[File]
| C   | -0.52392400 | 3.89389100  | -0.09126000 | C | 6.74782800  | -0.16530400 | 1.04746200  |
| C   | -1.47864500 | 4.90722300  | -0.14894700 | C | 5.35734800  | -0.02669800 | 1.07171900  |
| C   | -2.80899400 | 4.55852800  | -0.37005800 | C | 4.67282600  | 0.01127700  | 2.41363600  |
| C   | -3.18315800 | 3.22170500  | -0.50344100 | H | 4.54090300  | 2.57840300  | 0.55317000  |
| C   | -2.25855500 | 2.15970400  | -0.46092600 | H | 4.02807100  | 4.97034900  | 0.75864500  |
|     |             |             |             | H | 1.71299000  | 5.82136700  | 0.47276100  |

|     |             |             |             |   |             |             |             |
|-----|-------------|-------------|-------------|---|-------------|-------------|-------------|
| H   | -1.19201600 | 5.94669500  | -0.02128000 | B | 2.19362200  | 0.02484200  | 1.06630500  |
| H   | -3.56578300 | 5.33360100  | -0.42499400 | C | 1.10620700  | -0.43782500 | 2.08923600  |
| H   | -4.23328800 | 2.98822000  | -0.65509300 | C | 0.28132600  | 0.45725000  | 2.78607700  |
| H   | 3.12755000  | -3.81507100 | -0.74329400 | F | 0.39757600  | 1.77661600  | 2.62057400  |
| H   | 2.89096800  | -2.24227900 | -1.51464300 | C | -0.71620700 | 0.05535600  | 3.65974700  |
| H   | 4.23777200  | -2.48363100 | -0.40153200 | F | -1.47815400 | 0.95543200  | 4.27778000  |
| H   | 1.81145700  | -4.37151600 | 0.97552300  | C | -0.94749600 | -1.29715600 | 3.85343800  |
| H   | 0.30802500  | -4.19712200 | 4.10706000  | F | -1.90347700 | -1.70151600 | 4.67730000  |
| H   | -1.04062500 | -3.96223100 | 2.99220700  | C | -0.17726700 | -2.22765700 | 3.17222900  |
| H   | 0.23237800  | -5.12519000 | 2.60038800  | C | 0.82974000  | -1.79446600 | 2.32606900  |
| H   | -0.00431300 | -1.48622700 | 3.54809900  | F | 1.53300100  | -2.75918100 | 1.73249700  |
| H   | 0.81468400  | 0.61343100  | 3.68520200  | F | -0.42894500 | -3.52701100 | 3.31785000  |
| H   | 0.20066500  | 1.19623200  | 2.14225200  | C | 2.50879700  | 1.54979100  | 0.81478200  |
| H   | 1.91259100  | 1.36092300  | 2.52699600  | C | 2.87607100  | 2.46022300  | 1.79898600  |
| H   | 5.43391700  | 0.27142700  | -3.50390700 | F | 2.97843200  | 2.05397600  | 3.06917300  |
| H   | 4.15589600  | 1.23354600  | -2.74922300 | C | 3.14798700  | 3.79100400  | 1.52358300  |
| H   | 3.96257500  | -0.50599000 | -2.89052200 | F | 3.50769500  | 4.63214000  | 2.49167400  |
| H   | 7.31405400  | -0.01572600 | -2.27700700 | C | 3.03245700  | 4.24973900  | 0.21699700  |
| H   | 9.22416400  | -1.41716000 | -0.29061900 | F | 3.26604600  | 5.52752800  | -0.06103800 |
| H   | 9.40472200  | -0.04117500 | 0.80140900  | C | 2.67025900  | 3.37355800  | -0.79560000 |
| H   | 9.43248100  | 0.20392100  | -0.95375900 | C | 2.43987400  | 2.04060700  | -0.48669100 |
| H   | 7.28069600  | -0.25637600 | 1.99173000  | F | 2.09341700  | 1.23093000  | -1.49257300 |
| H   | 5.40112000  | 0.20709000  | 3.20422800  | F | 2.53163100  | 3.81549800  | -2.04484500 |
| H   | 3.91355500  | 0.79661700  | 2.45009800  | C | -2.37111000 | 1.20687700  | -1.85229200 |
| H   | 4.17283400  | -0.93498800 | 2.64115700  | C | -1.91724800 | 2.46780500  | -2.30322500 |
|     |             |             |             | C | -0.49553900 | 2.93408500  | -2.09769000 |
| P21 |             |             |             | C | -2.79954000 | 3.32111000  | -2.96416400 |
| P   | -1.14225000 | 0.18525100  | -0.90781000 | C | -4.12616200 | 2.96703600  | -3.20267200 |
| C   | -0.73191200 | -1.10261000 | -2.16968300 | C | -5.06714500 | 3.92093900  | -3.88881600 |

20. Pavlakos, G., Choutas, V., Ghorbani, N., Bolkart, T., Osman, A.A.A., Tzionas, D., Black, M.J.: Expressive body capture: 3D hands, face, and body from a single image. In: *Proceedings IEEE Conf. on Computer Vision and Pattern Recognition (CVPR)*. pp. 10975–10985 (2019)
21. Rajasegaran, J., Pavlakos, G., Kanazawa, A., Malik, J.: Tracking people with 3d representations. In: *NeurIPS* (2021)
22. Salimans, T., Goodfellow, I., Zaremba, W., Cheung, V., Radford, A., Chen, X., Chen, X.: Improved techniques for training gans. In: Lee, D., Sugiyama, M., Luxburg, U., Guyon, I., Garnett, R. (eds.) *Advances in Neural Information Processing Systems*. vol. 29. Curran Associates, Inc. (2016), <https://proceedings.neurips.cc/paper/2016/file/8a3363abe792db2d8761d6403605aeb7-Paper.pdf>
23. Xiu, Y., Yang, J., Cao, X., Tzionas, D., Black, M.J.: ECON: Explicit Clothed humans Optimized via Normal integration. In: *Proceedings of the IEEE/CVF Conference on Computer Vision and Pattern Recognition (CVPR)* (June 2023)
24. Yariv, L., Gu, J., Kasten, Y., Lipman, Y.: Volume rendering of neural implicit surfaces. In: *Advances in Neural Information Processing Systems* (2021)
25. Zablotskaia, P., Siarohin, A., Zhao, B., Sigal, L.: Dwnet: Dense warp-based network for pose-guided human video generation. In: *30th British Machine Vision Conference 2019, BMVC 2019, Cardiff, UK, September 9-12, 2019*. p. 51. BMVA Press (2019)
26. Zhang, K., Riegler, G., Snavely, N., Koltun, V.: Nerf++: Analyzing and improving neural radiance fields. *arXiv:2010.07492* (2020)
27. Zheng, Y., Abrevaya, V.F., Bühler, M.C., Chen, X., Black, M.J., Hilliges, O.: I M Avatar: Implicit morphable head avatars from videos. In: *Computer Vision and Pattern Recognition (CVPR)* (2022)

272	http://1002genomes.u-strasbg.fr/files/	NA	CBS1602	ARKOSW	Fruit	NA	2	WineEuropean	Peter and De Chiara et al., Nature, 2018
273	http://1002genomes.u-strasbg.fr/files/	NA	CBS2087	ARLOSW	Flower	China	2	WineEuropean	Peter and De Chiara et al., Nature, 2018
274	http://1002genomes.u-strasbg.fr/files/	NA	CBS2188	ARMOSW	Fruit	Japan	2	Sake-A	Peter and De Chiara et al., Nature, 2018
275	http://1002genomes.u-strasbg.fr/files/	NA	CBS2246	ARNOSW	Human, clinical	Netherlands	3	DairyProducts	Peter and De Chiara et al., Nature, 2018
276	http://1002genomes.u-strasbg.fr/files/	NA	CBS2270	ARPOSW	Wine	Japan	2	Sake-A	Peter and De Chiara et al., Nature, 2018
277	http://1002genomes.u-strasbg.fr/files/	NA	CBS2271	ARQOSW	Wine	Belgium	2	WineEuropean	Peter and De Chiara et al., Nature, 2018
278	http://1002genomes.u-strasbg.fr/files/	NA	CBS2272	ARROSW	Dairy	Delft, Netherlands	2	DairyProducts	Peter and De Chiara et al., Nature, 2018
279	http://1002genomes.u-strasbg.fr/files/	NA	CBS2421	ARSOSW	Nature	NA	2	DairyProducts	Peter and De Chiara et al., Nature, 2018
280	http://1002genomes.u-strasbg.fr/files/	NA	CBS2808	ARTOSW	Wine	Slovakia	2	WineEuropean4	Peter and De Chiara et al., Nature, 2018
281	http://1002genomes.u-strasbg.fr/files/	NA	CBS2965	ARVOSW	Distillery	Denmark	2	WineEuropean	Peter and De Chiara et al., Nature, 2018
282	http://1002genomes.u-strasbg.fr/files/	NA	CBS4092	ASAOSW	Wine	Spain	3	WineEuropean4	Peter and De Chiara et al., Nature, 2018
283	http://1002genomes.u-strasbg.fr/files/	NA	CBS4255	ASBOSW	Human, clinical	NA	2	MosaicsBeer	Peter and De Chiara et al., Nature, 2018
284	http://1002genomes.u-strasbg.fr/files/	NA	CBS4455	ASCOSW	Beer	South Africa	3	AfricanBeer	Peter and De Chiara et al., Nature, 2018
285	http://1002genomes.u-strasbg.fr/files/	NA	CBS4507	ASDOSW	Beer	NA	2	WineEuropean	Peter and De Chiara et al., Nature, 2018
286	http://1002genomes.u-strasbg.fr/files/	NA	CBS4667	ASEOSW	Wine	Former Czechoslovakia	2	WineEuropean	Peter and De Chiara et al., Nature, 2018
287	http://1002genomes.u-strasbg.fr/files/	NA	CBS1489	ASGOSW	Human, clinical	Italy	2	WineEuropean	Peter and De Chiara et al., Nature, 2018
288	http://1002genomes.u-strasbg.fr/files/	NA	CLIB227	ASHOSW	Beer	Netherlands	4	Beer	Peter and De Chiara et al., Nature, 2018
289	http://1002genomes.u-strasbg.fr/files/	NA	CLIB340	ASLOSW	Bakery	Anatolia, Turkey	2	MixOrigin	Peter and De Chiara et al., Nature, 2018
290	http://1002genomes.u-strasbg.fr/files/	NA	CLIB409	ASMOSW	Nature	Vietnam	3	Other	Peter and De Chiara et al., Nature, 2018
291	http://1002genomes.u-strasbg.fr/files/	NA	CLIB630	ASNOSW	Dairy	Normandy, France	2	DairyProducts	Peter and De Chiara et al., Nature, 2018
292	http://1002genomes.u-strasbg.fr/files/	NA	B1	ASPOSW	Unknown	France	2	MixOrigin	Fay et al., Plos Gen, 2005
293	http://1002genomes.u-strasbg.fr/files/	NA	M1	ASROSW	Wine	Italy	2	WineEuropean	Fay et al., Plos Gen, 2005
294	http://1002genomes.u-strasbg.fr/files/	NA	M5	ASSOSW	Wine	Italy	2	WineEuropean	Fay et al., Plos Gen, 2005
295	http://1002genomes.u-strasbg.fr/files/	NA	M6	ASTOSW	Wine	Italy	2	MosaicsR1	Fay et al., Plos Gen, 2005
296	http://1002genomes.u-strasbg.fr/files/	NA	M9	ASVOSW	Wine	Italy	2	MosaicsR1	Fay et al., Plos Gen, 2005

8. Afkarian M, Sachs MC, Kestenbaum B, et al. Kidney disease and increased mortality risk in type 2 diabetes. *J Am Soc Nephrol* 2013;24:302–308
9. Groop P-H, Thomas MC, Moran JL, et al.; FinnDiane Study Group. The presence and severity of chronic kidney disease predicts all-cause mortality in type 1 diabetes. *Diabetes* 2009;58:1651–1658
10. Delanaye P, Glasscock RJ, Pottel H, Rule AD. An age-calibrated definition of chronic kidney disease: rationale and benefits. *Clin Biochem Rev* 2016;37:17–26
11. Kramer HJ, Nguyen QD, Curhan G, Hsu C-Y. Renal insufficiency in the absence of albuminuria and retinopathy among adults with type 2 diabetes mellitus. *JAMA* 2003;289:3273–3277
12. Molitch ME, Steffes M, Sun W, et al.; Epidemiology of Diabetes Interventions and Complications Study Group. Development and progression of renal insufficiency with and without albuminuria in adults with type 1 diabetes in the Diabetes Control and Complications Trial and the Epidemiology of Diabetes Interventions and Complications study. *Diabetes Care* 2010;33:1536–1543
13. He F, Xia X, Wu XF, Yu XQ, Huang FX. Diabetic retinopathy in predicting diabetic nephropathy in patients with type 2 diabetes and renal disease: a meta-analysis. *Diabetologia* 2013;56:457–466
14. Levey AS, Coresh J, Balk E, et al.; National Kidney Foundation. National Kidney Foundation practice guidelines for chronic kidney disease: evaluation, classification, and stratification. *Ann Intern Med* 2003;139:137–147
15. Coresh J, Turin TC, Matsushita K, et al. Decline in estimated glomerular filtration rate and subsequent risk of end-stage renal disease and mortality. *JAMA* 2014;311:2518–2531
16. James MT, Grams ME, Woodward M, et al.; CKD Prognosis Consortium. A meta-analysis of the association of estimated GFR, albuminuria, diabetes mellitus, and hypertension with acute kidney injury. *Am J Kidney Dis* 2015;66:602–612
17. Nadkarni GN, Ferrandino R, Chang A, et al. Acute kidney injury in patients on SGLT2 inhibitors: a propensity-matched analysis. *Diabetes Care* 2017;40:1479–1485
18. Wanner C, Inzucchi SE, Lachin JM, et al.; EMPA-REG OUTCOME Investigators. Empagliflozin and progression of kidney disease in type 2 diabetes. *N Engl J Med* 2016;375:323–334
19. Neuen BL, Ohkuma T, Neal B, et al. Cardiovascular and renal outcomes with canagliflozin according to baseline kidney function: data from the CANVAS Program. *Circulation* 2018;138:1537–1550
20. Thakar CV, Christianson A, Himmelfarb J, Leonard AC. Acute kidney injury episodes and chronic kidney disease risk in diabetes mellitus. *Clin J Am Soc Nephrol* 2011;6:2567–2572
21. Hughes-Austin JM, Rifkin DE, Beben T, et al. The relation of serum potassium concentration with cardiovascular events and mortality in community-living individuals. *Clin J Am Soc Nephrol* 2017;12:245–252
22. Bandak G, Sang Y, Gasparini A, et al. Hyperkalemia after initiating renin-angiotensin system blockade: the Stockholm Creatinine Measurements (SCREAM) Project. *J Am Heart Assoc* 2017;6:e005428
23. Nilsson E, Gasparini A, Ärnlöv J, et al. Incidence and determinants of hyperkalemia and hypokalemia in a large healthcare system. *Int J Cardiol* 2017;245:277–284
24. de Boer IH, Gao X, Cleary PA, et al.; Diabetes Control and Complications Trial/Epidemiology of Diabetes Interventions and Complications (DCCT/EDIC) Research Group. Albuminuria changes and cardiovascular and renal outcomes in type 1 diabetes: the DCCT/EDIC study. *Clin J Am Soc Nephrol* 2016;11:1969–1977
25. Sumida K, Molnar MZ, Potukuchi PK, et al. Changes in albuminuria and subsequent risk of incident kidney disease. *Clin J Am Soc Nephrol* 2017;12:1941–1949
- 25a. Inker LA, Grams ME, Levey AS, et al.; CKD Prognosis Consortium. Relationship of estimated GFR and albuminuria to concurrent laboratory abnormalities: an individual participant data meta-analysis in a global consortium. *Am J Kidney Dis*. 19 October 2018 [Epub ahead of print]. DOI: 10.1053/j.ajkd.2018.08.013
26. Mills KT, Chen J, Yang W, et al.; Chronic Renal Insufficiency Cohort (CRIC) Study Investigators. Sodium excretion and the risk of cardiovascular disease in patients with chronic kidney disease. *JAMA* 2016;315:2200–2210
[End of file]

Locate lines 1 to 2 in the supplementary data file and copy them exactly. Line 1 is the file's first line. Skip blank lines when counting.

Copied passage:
| C   | -0.52392400 | 3.89389100  | -0.09126000 | C | 6.74782800  | -0.16530400 | 1.04746200  |
| C   | -1.47864500 | 4.90722300  | -0.14894700 | C | 5.35734800  | -0.02669800 | 1.07171900  |